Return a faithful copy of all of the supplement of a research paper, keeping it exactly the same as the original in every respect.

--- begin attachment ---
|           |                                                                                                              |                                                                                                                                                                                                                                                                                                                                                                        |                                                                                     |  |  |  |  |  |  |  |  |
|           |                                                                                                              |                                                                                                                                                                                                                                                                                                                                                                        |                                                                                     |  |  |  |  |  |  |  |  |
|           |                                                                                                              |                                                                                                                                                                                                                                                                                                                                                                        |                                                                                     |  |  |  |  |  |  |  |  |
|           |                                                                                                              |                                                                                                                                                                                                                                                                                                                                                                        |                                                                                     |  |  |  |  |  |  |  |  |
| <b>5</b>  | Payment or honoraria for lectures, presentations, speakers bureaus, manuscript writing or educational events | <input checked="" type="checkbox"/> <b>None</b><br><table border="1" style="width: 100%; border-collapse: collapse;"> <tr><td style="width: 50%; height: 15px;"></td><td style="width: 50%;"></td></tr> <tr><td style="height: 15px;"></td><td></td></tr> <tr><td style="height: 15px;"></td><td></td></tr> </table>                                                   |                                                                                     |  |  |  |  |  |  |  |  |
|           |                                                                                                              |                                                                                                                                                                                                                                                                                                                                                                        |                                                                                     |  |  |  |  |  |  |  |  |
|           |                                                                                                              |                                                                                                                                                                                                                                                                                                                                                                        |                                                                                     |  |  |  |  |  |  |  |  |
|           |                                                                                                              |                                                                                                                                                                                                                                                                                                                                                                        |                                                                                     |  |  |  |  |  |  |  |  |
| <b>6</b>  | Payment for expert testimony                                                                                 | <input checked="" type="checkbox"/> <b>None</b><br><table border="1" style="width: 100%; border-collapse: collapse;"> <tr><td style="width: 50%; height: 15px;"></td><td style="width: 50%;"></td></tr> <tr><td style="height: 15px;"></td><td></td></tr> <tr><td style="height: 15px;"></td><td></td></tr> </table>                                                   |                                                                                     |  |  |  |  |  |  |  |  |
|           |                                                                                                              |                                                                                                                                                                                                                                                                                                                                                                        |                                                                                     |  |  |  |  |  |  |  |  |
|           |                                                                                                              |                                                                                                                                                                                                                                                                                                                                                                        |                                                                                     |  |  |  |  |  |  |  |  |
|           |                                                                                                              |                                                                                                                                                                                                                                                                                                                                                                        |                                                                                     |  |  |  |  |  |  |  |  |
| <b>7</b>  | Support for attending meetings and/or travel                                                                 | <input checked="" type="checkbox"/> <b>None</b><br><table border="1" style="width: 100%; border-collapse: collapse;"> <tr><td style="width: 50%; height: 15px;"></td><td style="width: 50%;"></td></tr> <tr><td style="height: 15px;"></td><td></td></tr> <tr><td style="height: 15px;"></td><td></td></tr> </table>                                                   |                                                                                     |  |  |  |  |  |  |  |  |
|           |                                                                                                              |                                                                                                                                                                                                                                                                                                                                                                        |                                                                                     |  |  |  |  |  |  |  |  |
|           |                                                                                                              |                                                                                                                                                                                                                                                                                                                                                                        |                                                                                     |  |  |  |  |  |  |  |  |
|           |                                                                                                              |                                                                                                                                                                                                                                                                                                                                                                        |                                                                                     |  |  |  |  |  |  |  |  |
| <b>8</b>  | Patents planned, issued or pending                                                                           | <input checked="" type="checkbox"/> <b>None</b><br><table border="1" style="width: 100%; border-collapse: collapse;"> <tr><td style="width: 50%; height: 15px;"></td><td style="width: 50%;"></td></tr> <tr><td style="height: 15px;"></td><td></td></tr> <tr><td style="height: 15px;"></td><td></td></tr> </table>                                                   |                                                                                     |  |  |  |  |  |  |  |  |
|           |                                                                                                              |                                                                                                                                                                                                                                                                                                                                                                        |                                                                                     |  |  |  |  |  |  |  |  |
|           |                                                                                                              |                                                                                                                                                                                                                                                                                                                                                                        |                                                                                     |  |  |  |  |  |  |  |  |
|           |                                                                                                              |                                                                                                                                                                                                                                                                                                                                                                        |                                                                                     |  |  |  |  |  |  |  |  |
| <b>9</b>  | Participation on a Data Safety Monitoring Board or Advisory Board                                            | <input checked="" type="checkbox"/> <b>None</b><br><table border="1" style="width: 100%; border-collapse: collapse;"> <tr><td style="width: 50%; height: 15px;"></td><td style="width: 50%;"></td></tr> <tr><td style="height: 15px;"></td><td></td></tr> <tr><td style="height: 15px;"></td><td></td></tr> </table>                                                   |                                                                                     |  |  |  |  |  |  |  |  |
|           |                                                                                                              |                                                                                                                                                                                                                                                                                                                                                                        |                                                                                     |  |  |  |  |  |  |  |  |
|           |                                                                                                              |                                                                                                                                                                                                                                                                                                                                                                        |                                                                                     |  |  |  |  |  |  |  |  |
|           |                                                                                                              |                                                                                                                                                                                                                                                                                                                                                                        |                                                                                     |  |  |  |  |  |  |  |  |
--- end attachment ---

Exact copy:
|           |                                                                                                              |                                                                                                                                                                                                                                                                                                                                                                        |                                                                                     |  |  |  |  |  |  |  |  |
|           |                                                                                                              |                                                                                                                                                                                                                                                                                                                                                                        |                                                                                     |  |  |  |  |  |  |  |  |
|           |                                                                                                              |                                                                                                                                                                                                                                                                                                                                                                        |                                                                                     |  |  |  |  |  |  |  |  |
|           |                                                                                                              |                                                                                                                                                                                                                                                                                                                                                                        |                                                                                     |  |  |  |  |  |  |  |  |
| <b>5</b>  | Payment or honoraria for lectures, presentations, speakers bureaus, manuscript writing or educational events | <input checked="" type="checkbox"/> <b>None</b><br><table border="1" style="width: 100%; border-collapse: collapse;"> <tr><td style="width: 50%; height: 15px;"></td><td style="width: 50%;"></td></tr> <tr><td style="height: 15px;"></td><td></td></tr> <tr><td style="height: 15px;"></td><td></td></tr> </table>                                                   |                                                                                     |  |  |  |  |  |  |  |  |
|           |                                                                                                              |                                                                                                                                                                                                                                                                                                                                                                        |                                                                                     |  |  |  |  |  |  |  |  |
|           |                                                                                                              |                                                                                                                                                                                                                                                                                                                                                                        |                                                                                     |  |  |  |  |  |  |  |  |
|           |                                                                                                              |                                                                                                                                                                                                                                                                                                                                                                        |                                                                                     |  |  |  |  |  |  |  |  |
| <b>6</b>  | Payment for expert testimony                                                                                 | <input checked="" type="checkbox"/> <b>None</b><br><table border="1" style="width: 100%; border-collapse: collapse;"> <tr><td style="width: 50%; height: 15px;"></td><td style="width: 50%;"></td></tr> <tr><td style="height: 15px;"></td><td></td></tr> <tr><td style="height: 15px;"></td><td></td></tr> </table>                                                   |                                                                                     |  |  |  |  |  |  |  |  |
|           |                                                                                                              |                                                                                                                                                                                                                                                                                                                                                                        |                                                                                     |  |  |  |  |  |  |  |  |
|           |                                                                                                              |                                                                                                                                                                                                                                                                                                                                                                        |                                                                                     |  |  |  |  |  |  |  |  |
|           |                                                                                                              |                                                                                                                                                                                                                                                                                                                                                                        |                                                                                     |  |  |  |  |  |  |  |  |
| <b>7</b>  | Support for attending meetings and/or travel                                                                 | <input checked="" type="checkbox"/> <b>None</b><br><table border="1" style="width: 100%; border-collapse: collapse;"> <tr><td style="width: 50%; height: 15px;"></td><td style="width: 50%;"></td></tr> <tr><td style="height: 15px;"></td><td></td></tr> <tr><td style="height: 15px;"></td><td></td></tr> </table>                                                   |                                                                                     |  |  |  |  |  |  |  |  |
|           |                                                                                                              |                                                                                                                                                                                                                                                                                                                                                                        |                                                                                     |  |  |  |  |  |  |  |  |
|           |                                                                                                              |                                                                                                                                                                                                                                                                                                                                                                        |                                                                                     |  |  |  |  |  |  |  |  |
|           |                                                                                                              |                                                                                                                                                                                                                                                                                                                                                                        |                                                                                     |  |  |  |  |  |  |  |  |
| <b>8</b>  | Patents planned, issued or pending                                                                           | <input checked="" type="checkbox"/> <b>None</b><br><table border="1" style="width: 100%; border-collapse: collapse;"> <tr><td style="width: 50%; height: 15px;"></td><td style="width: 50%;"></td></tr> <tr><td style="height: 15px;"></td><td></td></tr> <tr><td style="height: 15px;"></td><td></td></tr> </table>                                                   |                                                                                     |  |  |  |  |  |  |  |  |
|           |                                                                                                              |                                                                                                                                                                                                                                                                                                                                                                        |                                                                                     |  |  |  |  |  |  |  |  |
|           |                                                                                                              |                                                                                                                                                                                                                                                                                                                                                                        |                                                                                     |  |  |  |  |  |  |  |  |
|           |                                                                                                              |                                                                                                                                                                                                                                                                                                                                                                        |                                                                                     |  |  |  |  |  |  |  |  |
| <b>9</b>  | Participation on a Data Safety Monitoring Board or Advisory Board                                            | <input checked="" type="checkbox"/> <b>None</b><br><table border="1" style="width: 100%; border-collapse: collapse;"> <tr><td style="width: 50%; height: 15px;"></td><td style="width: 50%;"></td></tr> <tr><td style="height: 15px;"></td><td></td></tr> <tr><td style="height: 15px;"></td><td></td></tr> </table>                                                   |                                                                                     |  |  |  |  |  |  |  |  |
|           |                                                                                                              |                                                                                                                                                                                                                                                                                                                                                                        |                                                                                     |  |  |  |  |  |  |  |  |
|           |                                                                                                              |                                                                                                                                                                                                                                                                                                                                                                        |                                                                                     |  |  |  |  |  |  |  |  |
|           |                                                                                                              |                                                                                                                                                                                                                                                                                                                                                                        |                                                                                     |  |  |  |  |  |  |  |  |